Towards more competent managers
The different protected area management categories require staff of differing skill levels. Therefore there is no standard management profile, but a multitude of skills is required depending on the category and the conservation stakes of the region in question. Management improvement needs are also very different from one country to the next, from one protected area to another. From this point of view there are substantial disparities among the countries, with usually considerable weaknesses in French-speaking countries.
The skills able to be mobilised will naturally depend on the resources available: as a general rule, generalists should be sought to cover all management fields before seeking specialists if resources permit. However, it can be seen that contrary to this rule, most conservation agencies are administered by specialists (environmentalists, scientists, biologists) who lack the basic skills needed to manage day-to-day problems effectively and pragmatically. Emphasis has long been placed on building managers’ skills in common managerial tasks, but it would now appear essential to train them to be veritable land developers through on-going, appropriate and practical training pertinent to local issues.
The question of status and the way staff are appointed is also at the heart of the debate. In most of the countries, skills have little to do with the way the central administration appoints staff. This raises the issue of the pertinence of building the capacities of staff subject to a high turnover in positions where they are not always recognised or properly paid. Examples of more independent structures in terms of management show interesting results but also have their drawbacks and a more in-depth analysis of the advantages and disadvantages is still needed in most cases.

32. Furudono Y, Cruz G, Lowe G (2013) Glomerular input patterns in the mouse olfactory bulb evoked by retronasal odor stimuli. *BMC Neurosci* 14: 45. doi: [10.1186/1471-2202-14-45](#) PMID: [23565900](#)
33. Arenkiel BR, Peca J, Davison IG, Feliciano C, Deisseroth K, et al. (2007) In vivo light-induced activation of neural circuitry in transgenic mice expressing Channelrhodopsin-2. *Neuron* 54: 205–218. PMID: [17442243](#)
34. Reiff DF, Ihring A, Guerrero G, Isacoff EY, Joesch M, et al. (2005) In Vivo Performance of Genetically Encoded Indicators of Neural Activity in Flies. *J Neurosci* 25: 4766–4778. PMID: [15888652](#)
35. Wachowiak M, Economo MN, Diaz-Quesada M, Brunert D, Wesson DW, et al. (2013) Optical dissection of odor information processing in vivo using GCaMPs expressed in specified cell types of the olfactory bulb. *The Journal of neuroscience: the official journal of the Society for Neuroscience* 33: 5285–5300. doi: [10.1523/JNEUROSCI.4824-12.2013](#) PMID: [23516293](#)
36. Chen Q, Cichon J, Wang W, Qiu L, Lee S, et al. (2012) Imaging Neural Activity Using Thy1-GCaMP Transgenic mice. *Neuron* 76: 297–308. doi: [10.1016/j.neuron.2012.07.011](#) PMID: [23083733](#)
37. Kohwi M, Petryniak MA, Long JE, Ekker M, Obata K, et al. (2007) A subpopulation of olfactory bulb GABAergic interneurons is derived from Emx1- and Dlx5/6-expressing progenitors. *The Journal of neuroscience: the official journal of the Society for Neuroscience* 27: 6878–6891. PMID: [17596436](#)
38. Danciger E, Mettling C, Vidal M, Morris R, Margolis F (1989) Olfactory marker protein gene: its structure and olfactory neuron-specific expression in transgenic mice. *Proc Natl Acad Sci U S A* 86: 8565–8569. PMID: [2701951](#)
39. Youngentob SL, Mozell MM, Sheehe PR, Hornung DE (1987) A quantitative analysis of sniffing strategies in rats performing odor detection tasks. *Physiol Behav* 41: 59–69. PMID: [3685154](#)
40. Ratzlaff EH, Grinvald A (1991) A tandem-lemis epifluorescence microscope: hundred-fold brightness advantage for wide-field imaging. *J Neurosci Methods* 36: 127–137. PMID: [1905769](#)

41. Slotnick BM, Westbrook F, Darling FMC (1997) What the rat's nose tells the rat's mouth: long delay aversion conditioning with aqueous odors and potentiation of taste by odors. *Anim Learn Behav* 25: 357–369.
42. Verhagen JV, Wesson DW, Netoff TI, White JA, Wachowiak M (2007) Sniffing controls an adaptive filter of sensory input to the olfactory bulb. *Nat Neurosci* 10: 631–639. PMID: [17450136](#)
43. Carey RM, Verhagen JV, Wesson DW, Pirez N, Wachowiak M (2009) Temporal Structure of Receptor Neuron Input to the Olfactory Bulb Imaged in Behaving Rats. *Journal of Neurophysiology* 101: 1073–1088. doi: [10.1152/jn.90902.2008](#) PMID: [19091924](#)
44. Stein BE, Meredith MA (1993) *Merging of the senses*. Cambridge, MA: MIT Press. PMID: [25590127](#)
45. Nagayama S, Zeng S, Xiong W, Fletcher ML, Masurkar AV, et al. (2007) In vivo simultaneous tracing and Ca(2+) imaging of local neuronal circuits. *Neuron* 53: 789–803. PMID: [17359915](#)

Besides building the capacities of the managers themselves, emphasis must be placed on awareness-raising and advocacy activities targeting political leaders in charge of defending protected areas, involving them in the choices directly related to protected areas. Similarly, in the medium term, a critical mass of the population must be made aware of and understand the issues at stake in order to change the old order and improve governance.
Finally, if the staff is competent and well trained, there is a strong need for follow-up of results on the ground, to make sure that the best use of means and skills is done and that the best impacts are obtained. The managers that succeed should be rewarded, and those who fail should be helped, or if necessary sanctioned.
Where to From Here?
Capacity building generates strong leverage for a change in management modes or even governance. To build managers capacities, the “management skills” component of training programmes should be stepped up. This would help to widen the range of skills available locally. An analysis of existing gaps and managerial training needs would help to identify main areas for change and the structures and stakeholders able to meet these needs. Over and above building individual capacities, the administration responsible for protected areas should be particularly targeted, to foster a “mature” administration that can develop new management systems. And that can also develop the ability to assess the results of the staff, and to take appropriate decision when necessary.